ISLAMABAD, Pakistan — Seven years after 9/11, al Qaida and its allies are gaining ground across the region where the plot was hatched, staging their most lethal attacks yet against NATO forces and posing a growing threat to the U.S.-backed governments in Afghanistan and nuclear-armed Pakistan.
While there have been no new strikes on the U.S. homeland, the Islamic insurrection inspired by Osama bin Laden has claimed thousands of casualties and displaced tens of thousands of people and shows no sign of slackening in the face of history's most powerful military alliance.
The insurgency now stretches from Afghanistan's border with Iran through the southern half of the country. The Taliban now are able to interdict three of the four major highways that connect Kabul, the capital, to the rest of the country.
"I am not convinced we are winning it in Afghanistan," Adm. Michael Mullen, the chairman of the Joint Chiefs of Staff, conceded before a congressional committee on Tuesday.
Experts inside and outside the U.S. government agreed that a key reason for the resurgence is a growing popular sympathy for the militants because an over-reliance on the use of force, especially airpower, by NATO has killed hundreds of civilians.
On Wednesday, Pakistan's military chief, Gen. Ashfaq Kayani, warned that cross-border U.S. missile strikes and commando raids no longer will be tolerated. "The sovereignty and territorial integrity of the country will be defended at all cost," he said.
Mullen said he is examining "a new, more comprehensive strategy for the region," an acknowledgement that the current approach lacks coordinated reconstruction and humanitarian programs.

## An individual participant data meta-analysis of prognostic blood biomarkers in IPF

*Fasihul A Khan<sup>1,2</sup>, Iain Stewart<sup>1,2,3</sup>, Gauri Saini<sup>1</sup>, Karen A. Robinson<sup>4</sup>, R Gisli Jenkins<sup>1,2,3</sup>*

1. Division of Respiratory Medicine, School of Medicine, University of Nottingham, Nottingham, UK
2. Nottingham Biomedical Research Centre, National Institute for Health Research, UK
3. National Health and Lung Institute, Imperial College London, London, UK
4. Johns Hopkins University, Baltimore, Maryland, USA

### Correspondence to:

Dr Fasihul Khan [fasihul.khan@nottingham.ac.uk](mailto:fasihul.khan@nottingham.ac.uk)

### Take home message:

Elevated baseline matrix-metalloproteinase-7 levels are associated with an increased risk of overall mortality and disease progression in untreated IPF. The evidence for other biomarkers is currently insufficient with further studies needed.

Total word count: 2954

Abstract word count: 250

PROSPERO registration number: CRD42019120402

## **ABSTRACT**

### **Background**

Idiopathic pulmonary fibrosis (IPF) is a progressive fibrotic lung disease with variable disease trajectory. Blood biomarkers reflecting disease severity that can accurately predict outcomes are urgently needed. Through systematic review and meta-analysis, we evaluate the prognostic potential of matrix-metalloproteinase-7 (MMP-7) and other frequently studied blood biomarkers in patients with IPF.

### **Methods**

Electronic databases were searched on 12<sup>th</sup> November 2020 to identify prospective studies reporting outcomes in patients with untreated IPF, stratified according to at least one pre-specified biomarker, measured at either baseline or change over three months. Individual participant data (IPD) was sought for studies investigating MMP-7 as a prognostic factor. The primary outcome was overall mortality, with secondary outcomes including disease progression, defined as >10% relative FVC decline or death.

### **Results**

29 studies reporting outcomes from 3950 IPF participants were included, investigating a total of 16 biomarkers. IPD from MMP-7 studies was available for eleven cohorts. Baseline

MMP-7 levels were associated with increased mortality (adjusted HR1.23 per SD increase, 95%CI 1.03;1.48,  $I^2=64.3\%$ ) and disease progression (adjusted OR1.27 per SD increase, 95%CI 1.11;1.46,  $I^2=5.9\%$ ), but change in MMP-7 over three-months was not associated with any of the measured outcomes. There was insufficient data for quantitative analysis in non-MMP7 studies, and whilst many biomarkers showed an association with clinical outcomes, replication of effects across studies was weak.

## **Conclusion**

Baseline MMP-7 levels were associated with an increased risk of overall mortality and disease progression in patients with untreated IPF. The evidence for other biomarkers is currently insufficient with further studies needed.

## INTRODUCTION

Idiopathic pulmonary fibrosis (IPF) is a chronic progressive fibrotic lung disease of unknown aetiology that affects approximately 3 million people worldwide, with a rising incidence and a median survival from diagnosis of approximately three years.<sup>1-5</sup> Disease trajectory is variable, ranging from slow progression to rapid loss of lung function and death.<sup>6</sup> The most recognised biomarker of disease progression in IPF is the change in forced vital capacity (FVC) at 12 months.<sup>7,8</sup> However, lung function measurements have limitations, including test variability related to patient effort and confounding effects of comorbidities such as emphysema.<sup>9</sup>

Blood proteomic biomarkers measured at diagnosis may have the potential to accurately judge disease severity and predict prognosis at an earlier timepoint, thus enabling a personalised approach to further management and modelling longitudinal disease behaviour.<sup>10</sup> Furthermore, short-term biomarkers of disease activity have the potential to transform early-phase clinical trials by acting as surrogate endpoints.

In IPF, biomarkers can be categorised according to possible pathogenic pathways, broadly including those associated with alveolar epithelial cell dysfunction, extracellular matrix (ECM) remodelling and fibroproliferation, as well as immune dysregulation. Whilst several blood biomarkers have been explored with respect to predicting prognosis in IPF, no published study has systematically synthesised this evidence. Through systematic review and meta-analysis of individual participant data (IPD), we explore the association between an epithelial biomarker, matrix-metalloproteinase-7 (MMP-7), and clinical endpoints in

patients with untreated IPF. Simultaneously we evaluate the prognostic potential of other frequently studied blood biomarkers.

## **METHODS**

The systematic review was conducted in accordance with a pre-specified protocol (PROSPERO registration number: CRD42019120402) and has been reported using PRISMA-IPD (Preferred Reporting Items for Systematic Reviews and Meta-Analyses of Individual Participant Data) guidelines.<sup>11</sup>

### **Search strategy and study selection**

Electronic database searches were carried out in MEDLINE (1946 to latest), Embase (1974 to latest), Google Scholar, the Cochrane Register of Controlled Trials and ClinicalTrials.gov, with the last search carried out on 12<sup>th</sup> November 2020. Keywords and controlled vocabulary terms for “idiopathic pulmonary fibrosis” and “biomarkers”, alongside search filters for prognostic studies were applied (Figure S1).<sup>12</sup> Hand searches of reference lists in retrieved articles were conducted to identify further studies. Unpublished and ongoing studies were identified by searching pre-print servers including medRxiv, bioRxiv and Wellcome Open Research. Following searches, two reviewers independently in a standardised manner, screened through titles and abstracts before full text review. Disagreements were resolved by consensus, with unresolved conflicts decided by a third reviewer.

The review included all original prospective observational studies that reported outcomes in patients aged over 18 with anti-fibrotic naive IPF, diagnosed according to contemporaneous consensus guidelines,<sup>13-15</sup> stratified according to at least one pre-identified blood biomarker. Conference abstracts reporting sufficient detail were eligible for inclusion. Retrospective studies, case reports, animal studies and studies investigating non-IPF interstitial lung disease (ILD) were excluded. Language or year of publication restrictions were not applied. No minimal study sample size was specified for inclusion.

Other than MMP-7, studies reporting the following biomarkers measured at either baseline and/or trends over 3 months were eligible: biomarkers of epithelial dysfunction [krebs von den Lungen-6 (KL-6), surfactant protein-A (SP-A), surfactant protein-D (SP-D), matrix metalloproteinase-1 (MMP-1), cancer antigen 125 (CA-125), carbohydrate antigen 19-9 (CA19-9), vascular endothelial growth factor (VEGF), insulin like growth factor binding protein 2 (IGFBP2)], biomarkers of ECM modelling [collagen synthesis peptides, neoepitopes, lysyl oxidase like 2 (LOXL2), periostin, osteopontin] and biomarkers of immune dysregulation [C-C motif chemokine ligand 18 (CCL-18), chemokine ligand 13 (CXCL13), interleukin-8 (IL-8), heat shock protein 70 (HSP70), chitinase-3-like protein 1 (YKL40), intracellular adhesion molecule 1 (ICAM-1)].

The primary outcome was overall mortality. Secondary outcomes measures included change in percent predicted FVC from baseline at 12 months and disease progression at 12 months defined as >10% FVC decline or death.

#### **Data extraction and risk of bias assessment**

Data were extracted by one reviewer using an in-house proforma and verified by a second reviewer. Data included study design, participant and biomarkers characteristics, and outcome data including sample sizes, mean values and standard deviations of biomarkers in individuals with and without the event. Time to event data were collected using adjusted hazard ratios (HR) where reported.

"We cannot kill our way to victory," said Mullen, who warned that the U.S. and its allies "are running out of time."
White House spokeswoman Dana Perino said that efforts to capture or kill bin Laden haven't been without "ups and downs." But, she added, the failure to find him says "a lot about the geography . . . where al Qaida decides to hide. And as the president says, Osama bin Laden is not out there leading any parades."
Al Qaida and the Taliban — the Islamist militia that harbored bin Laden while it ruled Afghanistan — were quickly defeated by U.S. airstrikes and opposition forces directed by CIA officers and U.S. commandos after the Sept. 11, 2001, attacks.
But many extremists fled and regrouped in Pakistan's remote tribal region, in part because Bush declined to use U.S. troops to block escape routes and began diverting resources for the 2003 invasion of Iraq.
Afghans have voted since then in democratic elections, enjoyed greater rights than ever before, and seen the construction of schools, clinics, roads and other infrastructure with billions of dollars in international aid.
The U.S. and its allies have killed and captured thousands of al Qaida and Taliban fighters, including senior and mid-level leaders.
But bin Laden and his inner circle have established new bases inside Pakistan, where they plotted deadly attacks in London and Madrid, and where U.S. intelligence officials say they're plotting new attacks and training recruits. So have Taliban leader Mullah Omar and his lieutenants, who U.S. officials said have been aided by sympathetic Pakistani military and intelligence officers.
With U.S. forces stretched by the war in Iraq, NATO allies unwilling to commit large numbers of soldiers and the Afghan security forces unable to operate independently, U.S. commanders have too few men to contain the revival of the Taliban and its allies.